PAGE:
As they depart they come across an Afrikaner South African officer, Captain van der Poel (Anthony Quayle), who carries a large pack, to which he seems very attached. After the South African shows Anson two bottles of gin in his back pack, van der Poel persuades Anson to let him join them in their drive to the safety of the British lines in Alexandria, Egypt.

Anson motivates himself by thinking of the ice cold lager he will order when they finally reach the safety of Alexandria – the 'Alex' of the title. En route, the group meets with various obstacles including a minefield, a broken suspension spring (during its replacement, van der Poel's great strength saves the group when he supports 'Katy' on his back when the jack collapses), and the dangerous terrain of the Qattara Depression.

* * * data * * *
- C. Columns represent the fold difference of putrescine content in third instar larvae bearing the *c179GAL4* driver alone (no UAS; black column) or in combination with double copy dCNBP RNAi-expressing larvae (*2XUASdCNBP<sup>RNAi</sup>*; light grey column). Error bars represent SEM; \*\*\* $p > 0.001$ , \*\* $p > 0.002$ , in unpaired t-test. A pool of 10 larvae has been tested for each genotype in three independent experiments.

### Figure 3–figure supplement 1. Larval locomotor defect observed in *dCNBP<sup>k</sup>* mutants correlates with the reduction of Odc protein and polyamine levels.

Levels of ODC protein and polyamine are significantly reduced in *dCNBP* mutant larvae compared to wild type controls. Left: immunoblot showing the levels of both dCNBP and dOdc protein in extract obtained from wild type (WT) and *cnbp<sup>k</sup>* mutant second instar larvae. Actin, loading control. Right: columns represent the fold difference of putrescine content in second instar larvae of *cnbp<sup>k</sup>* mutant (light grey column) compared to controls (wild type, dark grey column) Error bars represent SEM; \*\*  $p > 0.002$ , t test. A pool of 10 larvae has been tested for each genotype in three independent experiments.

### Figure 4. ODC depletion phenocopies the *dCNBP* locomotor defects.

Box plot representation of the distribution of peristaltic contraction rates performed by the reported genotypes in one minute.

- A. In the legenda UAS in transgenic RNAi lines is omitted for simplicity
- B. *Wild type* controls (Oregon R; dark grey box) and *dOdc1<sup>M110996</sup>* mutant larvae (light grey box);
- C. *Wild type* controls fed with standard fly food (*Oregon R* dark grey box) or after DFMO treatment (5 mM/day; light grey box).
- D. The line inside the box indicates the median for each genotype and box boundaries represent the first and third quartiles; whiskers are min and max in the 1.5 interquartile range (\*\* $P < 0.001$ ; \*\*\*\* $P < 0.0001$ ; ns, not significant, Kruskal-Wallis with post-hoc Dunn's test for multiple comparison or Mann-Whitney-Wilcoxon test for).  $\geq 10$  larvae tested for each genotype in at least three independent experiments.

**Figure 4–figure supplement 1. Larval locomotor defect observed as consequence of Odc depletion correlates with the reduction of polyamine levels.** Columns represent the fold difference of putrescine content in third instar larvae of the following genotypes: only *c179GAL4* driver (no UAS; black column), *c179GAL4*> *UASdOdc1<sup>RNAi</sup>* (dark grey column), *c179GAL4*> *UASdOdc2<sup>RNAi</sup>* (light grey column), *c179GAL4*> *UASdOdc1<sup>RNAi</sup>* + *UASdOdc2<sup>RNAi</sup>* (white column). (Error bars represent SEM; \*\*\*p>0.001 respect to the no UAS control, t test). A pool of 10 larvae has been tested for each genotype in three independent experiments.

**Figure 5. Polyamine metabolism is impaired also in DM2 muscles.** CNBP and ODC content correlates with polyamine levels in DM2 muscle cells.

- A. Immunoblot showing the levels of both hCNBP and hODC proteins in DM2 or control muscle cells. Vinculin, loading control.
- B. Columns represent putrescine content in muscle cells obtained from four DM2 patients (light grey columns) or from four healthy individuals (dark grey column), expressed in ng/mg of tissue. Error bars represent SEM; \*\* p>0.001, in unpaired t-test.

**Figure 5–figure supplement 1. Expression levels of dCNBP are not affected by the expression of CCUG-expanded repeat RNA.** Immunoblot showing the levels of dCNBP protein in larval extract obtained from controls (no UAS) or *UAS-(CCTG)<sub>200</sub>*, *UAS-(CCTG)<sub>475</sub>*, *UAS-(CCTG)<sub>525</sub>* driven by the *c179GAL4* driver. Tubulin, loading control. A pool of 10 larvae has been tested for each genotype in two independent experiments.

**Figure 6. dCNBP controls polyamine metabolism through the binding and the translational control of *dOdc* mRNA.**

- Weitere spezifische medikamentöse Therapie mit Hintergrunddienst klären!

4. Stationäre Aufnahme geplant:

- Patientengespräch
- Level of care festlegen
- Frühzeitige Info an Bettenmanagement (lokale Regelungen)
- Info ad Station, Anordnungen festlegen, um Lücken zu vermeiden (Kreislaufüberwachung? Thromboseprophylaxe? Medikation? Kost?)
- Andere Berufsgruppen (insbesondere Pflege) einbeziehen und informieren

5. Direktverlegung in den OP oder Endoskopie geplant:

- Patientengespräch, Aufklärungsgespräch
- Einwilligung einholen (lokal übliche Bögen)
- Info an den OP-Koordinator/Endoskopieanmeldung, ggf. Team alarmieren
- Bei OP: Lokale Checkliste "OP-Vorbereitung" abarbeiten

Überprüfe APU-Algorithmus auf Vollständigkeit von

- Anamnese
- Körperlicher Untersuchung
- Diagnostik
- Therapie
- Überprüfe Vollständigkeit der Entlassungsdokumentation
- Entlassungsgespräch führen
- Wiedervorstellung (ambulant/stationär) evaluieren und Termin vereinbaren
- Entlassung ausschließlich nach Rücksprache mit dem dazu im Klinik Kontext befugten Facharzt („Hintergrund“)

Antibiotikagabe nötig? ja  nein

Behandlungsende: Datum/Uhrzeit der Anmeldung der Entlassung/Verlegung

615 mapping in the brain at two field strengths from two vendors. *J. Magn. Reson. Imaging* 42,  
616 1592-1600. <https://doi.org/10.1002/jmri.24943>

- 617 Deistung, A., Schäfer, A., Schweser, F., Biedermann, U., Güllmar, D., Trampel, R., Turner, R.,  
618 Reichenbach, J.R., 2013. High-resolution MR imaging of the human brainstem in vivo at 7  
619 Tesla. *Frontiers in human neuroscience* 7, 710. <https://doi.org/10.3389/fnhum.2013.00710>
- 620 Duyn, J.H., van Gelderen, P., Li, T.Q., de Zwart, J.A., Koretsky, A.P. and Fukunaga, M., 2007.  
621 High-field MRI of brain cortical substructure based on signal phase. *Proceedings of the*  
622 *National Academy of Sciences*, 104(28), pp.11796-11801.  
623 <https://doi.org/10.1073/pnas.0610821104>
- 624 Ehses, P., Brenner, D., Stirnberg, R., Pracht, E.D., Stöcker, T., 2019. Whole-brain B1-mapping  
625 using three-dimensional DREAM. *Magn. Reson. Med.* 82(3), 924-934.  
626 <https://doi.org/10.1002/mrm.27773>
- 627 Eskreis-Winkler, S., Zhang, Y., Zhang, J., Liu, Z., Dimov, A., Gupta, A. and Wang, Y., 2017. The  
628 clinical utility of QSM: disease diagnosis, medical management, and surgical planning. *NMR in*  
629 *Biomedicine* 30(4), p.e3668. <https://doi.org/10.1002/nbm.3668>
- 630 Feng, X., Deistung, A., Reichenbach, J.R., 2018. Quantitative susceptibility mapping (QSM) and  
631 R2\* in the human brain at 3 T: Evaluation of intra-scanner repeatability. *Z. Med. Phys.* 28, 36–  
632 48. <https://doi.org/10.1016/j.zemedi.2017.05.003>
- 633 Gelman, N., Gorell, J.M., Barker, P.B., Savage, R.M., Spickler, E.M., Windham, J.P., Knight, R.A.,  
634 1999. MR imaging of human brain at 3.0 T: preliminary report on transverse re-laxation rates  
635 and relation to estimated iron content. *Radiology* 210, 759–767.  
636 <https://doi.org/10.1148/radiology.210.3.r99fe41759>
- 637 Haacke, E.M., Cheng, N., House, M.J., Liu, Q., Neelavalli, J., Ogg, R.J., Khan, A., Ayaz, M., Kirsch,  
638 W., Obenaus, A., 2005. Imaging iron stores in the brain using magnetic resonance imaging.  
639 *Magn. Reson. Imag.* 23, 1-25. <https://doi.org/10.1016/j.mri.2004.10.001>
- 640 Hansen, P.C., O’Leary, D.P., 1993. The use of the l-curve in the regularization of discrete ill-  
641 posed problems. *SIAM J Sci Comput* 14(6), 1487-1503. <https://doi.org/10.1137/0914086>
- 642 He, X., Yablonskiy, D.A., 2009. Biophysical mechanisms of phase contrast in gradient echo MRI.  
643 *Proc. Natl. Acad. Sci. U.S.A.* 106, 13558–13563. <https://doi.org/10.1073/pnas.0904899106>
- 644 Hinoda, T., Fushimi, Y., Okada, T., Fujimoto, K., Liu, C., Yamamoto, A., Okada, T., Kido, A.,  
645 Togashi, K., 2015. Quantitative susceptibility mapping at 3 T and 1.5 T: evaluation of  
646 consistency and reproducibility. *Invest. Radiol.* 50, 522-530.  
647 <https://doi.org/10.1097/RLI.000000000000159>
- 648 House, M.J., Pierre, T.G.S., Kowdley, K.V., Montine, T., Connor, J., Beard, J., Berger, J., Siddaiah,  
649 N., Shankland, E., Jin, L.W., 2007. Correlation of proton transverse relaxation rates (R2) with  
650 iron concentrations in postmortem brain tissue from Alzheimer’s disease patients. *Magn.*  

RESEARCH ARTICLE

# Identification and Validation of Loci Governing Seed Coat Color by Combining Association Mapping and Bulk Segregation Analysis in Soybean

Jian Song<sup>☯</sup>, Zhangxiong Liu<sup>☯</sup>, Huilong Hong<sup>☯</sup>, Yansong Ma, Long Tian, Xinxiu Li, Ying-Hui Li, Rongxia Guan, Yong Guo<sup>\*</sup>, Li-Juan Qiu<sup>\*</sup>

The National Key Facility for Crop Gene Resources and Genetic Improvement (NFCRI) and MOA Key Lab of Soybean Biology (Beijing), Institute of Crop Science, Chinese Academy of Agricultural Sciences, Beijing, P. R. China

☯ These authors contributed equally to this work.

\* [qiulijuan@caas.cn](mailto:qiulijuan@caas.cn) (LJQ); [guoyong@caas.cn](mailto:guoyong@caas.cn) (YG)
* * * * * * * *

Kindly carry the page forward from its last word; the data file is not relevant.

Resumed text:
Twice the group encounters motorised elements of the advancing Afrika Korps; in one encounter they are fired upon and Norton is fatally wounded. Van der Poel, who claims to have learned German while working in South-West Africa, is able to talk the Germans into allowing them to go on their way. The second time however, they seem reluctant, until he shows them the contents of his back-pack.